More than 25% of young people share parents' homes


Luke Sibson: "There is something very difficult about being a 27-year-old man living at home with your mum"

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A quarter of young people in the UK now live with their parents, official figures show.

The Office for National Statistics (ONS) said more than 3.3 million adults between the ages of 20 and 34 were living with parents in 2013, 26% of that age group.

The number has increased by a quarter, or 669,000 people, since 1996.

This is despite the fact that the number of 20 to 34-year-olds in the UK remains almost the same, the ONS said.

In 1996, the earliest year for which comparable statistics are available, there were 2.7m 20 to 34-year-olds living in the family home - 21% of the age group at that time.

Graph showing total number of young adults living with their parents
Graph showing greater proportions of young men than women live with their parents

The ONS also found young men were more likely to live at home than women. One in three men live with their parents, compared with one in five women.

London has the lowest rate of 20 to 34-year-olds living with their parents, with the figure at 22%.

Case study

James Barker

James Barker, 25, has lived with his mother in Pinner, north-west London, since April 2012.

"I moved in with my mum as a stop-gap between flats, after moving about constantly after university.

"It was meant to be short-term, but it developed from there, partly for financial reasons - I suddenly had a lot of disposable income and it became quite comfortable.

"Out of my friendship group, about a quarter has spent time at home since uni. Rents are so high, especially in London. People are spending half their wages on rent so living at home is the only solution.

"I'm moving in with my partner in April or May, now that I've had changes in my financial circumstances. My mum was always aware I was going to move out at some point, but she has enjoyed having me back and has maintained it's part of her job as a mother to provide a safe haven."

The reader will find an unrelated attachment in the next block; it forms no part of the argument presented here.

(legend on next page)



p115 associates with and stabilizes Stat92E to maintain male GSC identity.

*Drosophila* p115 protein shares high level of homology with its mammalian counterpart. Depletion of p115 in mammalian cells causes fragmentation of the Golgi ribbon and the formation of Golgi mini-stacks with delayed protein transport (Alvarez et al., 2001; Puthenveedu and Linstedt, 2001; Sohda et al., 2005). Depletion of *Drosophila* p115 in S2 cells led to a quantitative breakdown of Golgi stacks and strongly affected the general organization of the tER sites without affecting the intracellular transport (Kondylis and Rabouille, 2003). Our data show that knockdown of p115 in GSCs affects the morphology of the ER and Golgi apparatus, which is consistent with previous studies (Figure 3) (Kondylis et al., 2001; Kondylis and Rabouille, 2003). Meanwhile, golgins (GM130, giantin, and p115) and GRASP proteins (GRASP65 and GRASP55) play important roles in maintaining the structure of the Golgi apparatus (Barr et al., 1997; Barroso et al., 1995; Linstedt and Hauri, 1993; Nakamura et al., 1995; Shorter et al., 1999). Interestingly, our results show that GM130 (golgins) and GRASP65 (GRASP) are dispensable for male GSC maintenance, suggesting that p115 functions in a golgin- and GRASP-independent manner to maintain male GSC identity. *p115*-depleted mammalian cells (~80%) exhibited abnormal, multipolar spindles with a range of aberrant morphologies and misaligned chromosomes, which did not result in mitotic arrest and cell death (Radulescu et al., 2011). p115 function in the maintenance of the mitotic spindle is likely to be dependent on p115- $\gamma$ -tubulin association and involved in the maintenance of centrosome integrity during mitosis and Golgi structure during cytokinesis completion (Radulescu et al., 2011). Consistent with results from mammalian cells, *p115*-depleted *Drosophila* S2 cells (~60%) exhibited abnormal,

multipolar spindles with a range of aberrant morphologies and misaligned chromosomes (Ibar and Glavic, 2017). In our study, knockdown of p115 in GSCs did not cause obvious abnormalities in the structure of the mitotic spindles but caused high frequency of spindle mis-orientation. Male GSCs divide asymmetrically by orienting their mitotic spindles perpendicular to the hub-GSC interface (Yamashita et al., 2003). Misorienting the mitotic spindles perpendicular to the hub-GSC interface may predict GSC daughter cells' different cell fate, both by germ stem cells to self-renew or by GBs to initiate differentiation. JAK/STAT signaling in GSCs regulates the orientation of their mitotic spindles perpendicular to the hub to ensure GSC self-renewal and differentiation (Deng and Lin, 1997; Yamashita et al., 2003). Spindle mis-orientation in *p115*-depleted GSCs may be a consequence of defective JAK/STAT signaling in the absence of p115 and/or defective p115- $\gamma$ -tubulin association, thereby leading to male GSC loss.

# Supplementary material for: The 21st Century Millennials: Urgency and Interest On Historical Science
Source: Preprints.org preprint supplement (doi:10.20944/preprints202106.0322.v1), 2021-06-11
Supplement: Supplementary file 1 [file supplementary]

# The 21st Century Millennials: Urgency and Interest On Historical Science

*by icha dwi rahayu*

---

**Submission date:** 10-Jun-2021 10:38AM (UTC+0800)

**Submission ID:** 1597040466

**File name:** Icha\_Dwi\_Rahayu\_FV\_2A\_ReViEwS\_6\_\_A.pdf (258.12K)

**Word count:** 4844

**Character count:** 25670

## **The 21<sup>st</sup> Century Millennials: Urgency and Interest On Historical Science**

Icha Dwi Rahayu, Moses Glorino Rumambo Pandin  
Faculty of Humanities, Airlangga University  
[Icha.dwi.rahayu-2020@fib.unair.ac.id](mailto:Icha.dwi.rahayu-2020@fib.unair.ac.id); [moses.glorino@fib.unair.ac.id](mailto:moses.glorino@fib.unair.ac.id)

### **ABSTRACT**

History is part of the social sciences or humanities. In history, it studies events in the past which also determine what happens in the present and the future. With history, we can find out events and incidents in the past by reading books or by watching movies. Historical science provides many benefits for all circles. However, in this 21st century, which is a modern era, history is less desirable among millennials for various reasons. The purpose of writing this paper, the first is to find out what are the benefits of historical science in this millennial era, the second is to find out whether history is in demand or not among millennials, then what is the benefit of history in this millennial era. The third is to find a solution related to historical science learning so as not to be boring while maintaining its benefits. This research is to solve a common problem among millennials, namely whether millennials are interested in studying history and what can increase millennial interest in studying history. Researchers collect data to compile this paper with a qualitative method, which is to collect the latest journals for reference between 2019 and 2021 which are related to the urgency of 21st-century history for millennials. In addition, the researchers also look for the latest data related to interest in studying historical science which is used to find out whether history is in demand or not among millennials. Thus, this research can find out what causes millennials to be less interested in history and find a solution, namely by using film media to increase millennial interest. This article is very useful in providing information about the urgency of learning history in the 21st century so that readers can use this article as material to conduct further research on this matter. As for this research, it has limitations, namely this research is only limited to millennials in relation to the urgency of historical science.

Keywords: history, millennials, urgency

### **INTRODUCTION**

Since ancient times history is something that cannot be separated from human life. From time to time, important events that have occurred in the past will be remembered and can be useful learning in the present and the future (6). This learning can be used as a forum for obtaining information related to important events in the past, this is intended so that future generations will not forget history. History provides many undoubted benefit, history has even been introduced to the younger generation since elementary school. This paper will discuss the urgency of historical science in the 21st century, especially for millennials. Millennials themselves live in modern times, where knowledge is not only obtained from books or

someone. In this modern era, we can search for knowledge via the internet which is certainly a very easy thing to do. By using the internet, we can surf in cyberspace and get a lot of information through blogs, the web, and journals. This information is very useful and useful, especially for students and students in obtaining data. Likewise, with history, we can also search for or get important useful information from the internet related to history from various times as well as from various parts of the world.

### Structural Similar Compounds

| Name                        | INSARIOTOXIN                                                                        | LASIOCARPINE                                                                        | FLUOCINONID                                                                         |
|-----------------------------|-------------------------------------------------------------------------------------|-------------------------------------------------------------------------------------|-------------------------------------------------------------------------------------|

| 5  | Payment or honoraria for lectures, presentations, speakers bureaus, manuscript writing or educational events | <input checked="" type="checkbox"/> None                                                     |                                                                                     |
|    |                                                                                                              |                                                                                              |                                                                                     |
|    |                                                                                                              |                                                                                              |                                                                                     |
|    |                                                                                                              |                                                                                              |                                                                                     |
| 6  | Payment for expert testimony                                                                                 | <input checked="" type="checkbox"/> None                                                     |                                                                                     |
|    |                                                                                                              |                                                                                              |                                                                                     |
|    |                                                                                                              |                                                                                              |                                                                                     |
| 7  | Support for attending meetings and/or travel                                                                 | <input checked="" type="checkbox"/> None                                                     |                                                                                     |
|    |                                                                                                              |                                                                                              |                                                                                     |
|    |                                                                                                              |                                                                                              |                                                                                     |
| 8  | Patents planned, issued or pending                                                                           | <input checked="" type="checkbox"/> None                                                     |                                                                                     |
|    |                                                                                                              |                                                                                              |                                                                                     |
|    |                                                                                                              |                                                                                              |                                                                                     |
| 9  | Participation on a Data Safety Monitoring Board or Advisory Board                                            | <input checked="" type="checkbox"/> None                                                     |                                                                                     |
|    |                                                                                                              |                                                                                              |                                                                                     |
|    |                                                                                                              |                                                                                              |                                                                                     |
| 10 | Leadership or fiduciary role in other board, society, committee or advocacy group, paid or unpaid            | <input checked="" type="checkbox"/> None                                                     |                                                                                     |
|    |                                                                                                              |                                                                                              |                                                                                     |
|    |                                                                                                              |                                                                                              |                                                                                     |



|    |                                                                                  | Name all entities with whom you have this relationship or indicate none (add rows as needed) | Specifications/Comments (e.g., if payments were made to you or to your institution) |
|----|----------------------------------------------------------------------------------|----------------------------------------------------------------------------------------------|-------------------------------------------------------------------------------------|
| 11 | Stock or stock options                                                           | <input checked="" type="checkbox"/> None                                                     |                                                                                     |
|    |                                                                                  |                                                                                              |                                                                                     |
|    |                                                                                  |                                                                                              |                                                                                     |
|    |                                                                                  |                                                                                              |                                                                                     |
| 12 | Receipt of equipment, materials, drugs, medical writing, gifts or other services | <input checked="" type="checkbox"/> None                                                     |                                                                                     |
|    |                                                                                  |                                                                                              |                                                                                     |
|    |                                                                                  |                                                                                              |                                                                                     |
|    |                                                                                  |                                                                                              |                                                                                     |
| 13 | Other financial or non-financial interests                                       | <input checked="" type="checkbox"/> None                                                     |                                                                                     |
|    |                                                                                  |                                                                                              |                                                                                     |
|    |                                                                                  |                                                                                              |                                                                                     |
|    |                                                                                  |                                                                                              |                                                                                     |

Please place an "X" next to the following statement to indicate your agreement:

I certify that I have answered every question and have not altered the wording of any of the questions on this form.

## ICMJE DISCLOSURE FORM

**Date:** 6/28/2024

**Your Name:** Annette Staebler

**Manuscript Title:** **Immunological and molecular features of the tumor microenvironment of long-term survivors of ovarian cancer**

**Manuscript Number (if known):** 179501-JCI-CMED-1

Northern Ireland has the highest proportion of young adults living with their families at 36%, followed by the West Midlands at 29%.

The ONS said the size of Northern Ireland means it is more feasible to commute to work or university and remain living with parents than in other parts of the UK.

Also, cohabitation in Northern Ireland is about half as common as in the rest of the UK.

The ONS suggested the trend of living at home might be due to the recent economic downturn.

Karen Gask, senior research officer at the ONS, said: "I think one of the main reasons is housing affordability, and that's been cited by several academics who've looked into it.

"It's hard for young people to get on the housing ladder."

The ratio of house prices paid by first time buyers to their annual incomes has risen from 2.7 to 4.47 in the period from 1996 to 2013, she added.

Miss Gask also said many were delaying settling down with a partner, choosing to stay with family instead.

She added: "There are wider implications for things like fertility rates, as people often look to move out of the parental home before having children."

Krissy Josephides: "The only choice I had left was to live with Mum and the family"

Other findings from the ONS study include:

  • Some 65% of men and 52% of women aged 20 lived at home in 2013
  • The figure decreases with age. At 34, 8% of men and 3% of women were living with parents
  • The percentage of young people living with their parents who are unemployed was 13%, more than double the unemployment rate of those who live elsewhere, which was 6%
  • A total of 510,000 people aged 35 to 64, 2% of the total population in that age group, were living with parents in 2013 - this rate has stayed stable since 1996, the ONS said.

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  • rate this

    Comment number 704.

    You may think that UK emissions targets has nothing to do with UK housebuilding, but you would be wrong.

    Planning in UK is also restricted by emissions creation.

    It has long been government policy, Liebour as well, to reduce single home occupancy, due to limited UK land & also emissions targets.

    Created build & useage emissions from single occupier far greater than multiple occupancy

  • rate this

    Comment number 703.

    Successive governments have played to property owners; new housing has not been built in anywhere near sufficient numbers, seemingly to deliberately inflate the value of the properties that do exist.

    The latest 'help to buy' scheme is another way of inflating prices.

    It's the 'haves' protecting their 'own'/their own interests, while blaming others for not being in the same position as them.

  • rate this

    Comment number 702.


    Its not that,its just the longer you live them more you have been shafted ! could you imagine how hard they have been shafted over the 3o years with Labour in power ripping then off enough to make a cat-sick.. well done you by the way. but stick around you will become just as cynical one you have had your shafting

  • rate this

    Comment number 701.

    The BBC report this as if we should be surprised. Young people don't have a choice BUT to stay with parents - exorbitant tuition fees and deteriorating standards of living force them to. Society would rip them apart if they decided to do otherwise.